Mr Bloggs has trooped loyally into the Government lobby night after night even though he is no passionate European. The word Maastricht makes his heart sink. He is scarcely ever in the Chamber to hear, let alone interrupt, the long and unreported speeches on the theology of European union from Tory and Labour Euro-rebels. He can spot Euro- bores from several paces and avoids them in the Commons dining room. From time to time he says to anyone who will listen: 'I tell you what, old boy, my constituents can't understand what we're up to. I haven't had a single letter on the ruddy Bill. The sooner we get this over and start talking about the real issues like unemployment and the economy the better it will be.'
This last remark, though wholly understandable and frequently uttered, is slightly absurd; it assumes wrongly that voters are stupid enough to believe that MPs, simply by devoting more time to talking about 'the real issues', will be any closer to solving them. It nevertheless makes a valid point. Mr Bloggs can, for example, be pretty sure of receiving in the next fortnight more letters on tests for 14-year-olds than he has had on Europe in the past year.
The crisis faced by John Patten, Secretary of State for Education, is one taking place in the 'real world'. The 'nation's headmaster', as in calmer times Mr Patten likes to call himself, is faced with an unpalatable choice. He may go ahead with tests which he acknowledges will be imperfect and which teachers may refuse to carry out, or he may perpetrate the latest Government U- turn. For the political classes this has some nice ironies.
Mr Patten is struggling to bed down the reforms introduced by Kenneth Baker when he was Education Secretary. Mr Baker, assisted at the time, as it happens, by Mr Patten, was responsible as Home Secretary for the 1991 Criminal Justice Act, which has so upset the judiciary and the law- and-order lobby that Kenneth Clarke, Mr Baker's successor at the Home Office, is now having to repair the damage. And Mr Clarke just happens to have been Mr Patten's immediate predecessor at Education. In this fashion, ministers on the merry-go-round of government are kept busy cleaning up each other's messes.
However, the point is that compulsory school tests are a subject on which every secondary teacher and a good many parents will have a view. To those who have spent too long in the surreal, Alice-in-Wonderland world of the Maastricht Bill, the simplicities of the row over testing come almost as a relief.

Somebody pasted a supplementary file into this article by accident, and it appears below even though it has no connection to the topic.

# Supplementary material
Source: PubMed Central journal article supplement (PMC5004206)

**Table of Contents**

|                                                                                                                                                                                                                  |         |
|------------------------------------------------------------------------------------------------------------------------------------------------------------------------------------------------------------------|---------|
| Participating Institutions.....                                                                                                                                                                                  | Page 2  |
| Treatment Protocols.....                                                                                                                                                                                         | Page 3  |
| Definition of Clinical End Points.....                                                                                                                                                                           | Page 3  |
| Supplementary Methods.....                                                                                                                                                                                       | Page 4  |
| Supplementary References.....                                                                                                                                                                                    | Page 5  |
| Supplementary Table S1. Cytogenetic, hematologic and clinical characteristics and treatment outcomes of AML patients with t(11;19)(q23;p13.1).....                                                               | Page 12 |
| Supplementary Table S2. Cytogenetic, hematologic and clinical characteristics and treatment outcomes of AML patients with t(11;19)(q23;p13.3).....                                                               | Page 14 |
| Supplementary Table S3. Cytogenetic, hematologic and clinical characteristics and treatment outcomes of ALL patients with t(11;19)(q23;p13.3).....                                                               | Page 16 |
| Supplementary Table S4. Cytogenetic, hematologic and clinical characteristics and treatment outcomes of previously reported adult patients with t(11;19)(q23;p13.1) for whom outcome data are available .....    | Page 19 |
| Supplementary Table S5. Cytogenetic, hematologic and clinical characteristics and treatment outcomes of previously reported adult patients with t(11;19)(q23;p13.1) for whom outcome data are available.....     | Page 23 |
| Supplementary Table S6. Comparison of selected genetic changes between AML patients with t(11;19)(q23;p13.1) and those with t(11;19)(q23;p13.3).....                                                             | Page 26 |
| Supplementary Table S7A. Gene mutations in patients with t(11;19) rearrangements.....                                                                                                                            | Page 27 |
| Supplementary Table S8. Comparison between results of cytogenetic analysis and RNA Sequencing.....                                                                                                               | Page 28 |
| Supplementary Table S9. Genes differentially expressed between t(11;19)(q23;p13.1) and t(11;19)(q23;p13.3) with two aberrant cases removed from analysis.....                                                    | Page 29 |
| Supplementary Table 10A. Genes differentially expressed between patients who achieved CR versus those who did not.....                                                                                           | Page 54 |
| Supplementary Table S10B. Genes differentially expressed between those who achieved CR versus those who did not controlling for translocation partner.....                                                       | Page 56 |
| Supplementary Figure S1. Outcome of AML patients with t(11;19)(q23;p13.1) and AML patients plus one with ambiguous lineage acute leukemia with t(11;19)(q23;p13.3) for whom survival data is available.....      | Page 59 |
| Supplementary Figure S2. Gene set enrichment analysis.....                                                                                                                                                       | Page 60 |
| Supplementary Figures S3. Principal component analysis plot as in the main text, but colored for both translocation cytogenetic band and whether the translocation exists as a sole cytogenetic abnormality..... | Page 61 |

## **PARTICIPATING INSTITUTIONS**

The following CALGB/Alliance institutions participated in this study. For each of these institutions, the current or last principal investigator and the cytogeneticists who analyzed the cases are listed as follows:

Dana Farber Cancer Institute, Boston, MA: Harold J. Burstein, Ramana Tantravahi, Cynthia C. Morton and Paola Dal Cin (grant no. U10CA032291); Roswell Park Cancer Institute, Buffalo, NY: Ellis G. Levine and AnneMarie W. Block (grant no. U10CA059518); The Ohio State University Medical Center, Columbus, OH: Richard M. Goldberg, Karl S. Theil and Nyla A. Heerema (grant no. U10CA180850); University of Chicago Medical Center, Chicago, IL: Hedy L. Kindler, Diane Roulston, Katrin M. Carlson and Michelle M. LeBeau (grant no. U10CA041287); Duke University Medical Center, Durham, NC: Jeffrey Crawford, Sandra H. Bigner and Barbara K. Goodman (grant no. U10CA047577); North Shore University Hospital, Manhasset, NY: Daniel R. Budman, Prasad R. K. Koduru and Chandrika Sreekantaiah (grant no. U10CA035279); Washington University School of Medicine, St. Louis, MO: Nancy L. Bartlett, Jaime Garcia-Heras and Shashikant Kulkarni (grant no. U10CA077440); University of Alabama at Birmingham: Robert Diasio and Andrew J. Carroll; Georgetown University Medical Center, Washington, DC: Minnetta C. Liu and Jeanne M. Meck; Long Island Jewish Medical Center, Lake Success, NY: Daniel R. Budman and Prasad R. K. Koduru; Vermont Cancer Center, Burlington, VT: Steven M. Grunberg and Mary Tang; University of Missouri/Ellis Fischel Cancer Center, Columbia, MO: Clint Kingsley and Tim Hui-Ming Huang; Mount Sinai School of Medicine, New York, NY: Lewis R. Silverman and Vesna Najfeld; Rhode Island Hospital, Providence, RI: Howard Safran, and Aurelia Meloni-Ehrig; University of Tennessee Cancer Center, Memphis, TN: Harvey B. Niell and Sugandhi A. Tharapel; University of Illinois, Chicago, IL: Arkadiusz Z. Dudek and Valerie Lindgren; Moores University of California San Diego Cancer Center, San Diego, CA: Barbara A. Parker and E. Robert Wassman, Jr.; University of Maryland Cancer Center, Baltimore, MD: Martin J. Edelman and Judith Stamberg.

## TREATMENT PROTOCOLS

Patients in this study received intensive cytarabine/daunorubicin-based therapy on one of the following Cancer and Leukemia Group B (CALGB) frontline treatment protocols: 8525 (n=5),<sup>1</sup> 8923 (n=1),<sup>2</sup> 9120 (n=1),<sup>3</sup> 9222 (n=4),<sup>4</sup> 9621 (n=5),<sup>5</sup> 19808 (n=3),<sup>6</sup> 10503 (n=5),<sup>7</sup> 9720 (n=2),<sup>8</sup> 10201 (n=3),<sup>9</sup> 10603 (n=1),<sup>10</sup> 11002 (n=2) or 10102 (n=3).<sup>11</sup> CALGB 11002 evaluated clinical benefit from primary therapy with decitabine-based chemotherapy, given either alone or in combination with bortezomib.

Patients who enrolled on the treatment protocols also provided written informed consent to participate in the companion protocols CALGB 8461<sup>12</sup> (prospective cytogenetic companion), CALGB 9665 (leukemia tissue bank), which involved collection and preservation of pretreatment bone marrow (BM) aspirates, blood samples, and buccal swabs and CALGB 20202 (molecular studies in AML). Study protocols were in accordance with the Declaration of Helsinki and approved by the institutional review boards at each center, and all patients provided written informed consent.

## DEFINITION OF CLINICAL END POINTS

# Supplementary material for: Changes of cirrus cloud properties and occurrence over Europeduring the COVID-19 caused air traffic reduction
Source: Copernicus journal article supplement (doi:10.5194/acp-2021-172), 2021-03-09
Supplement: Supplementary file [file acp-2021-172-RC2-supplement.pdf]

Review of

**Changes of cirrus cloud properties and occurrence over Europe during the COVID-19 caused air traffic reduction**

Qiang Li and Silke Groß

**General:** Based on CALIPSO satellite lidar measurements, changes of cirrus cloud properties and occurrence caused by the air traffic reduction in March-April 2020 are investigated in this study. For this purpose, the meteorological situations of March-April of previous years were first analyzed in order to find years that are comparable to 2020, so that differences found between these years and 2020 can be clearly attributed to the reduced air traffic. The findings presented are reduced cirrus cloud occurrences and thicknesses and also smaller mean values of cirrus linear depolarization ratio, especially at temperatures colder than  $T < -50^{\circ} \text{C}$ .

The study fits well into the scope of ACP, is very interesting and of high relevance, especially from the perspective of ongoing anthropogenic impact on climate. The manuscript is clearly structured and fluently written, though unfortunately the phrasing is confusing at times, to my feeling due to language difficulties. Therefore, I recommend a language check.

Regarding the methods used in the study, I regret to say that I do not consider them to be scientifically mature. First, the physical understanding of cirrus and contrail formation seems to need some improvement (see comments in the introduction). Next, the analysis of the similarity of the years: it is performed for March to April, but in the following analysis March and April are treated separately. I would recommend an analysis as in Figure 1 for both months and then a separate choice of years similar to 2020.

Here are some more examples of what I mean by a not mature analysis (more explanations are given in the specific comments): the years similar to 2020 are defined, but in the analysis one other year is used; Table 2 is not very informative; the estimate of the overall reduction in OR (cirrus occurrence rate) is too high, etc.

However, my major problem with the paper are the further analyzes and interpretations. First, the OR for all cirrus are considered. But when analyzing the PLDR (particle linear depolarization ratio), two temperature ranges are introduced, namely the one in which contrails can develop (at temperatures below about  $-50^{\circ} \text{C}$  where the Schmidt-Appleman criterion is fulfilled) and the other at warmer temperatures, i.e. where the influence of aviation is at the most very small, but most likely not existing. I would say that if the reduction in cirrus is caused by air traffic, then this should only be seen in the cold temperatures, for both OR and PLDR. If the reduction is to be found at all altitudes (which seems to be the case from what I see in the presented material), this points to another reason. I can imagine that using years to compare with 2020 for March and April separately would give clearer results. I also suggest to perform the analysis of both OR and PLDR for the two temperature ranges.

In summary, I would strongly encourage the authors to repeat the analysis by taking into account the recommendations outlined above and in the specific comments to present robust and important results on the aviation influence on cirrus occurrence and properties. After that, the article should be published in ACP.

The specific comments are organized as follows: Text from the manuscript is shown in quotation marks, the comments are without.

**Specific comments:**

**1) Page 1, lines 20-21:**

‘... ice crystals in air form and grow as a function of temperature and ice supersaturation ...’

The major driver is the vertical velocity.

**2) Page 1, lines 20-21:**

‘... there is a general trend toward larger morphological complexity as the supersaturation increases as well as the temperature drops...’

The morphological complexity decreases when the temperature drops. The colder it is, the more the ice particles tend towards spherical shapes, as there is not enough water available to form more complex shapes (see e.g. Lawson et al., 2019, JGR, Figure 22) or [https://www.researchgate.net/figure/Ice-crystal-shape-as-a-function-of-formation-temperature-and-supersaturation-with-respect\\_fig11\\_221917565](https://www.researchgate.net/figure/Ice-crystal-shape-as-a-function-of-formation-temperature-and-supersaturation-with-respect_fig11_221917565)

So, as John Major celebrates in Huntingdon his survival of an awful year, his mind will occasionally turn to the travails of his Education Secretary. And yet it is a safe bet that the main problem preoccupying not only Mr Major but his business managers will be the one that Mr Bloggs is so sick and tired of, and which returns to the Commons this Thursday. The endgame is approaching now, and requires, on the Government's part, the closest attention. At the risk of boring Mr Bloggs, let's just rehearse what lies ahead. Ministers left for the Easter recess tired but happier than they had been for several months. The reason was the decision by Michael Morris, the Deputy Speaker, not to allow Labour's Amendment 27 on the Social Chapter; and to take instead the Opposition's new Clause 75, which could be debated next week, and which precludes the transfer to the EC of powers under the Maastricht Act until there has been a further vote on the Social Chapter. The interim view of the Cabinet's best legal brains is that the Government can get away with a defeat on the new clause. This is the scenario. After its defeat in the Commons, the Government, unabashed, proceeds with completion of the Bill and ratification of the treaty. At some point - possibly but not necessarily when the whole process has been completed - it puts down a motion praising itself for not incorporating the Marxist, retrogressive Social Chapter. The Tory rebels cannot stomach voting against that, and the Government lives happily ever after.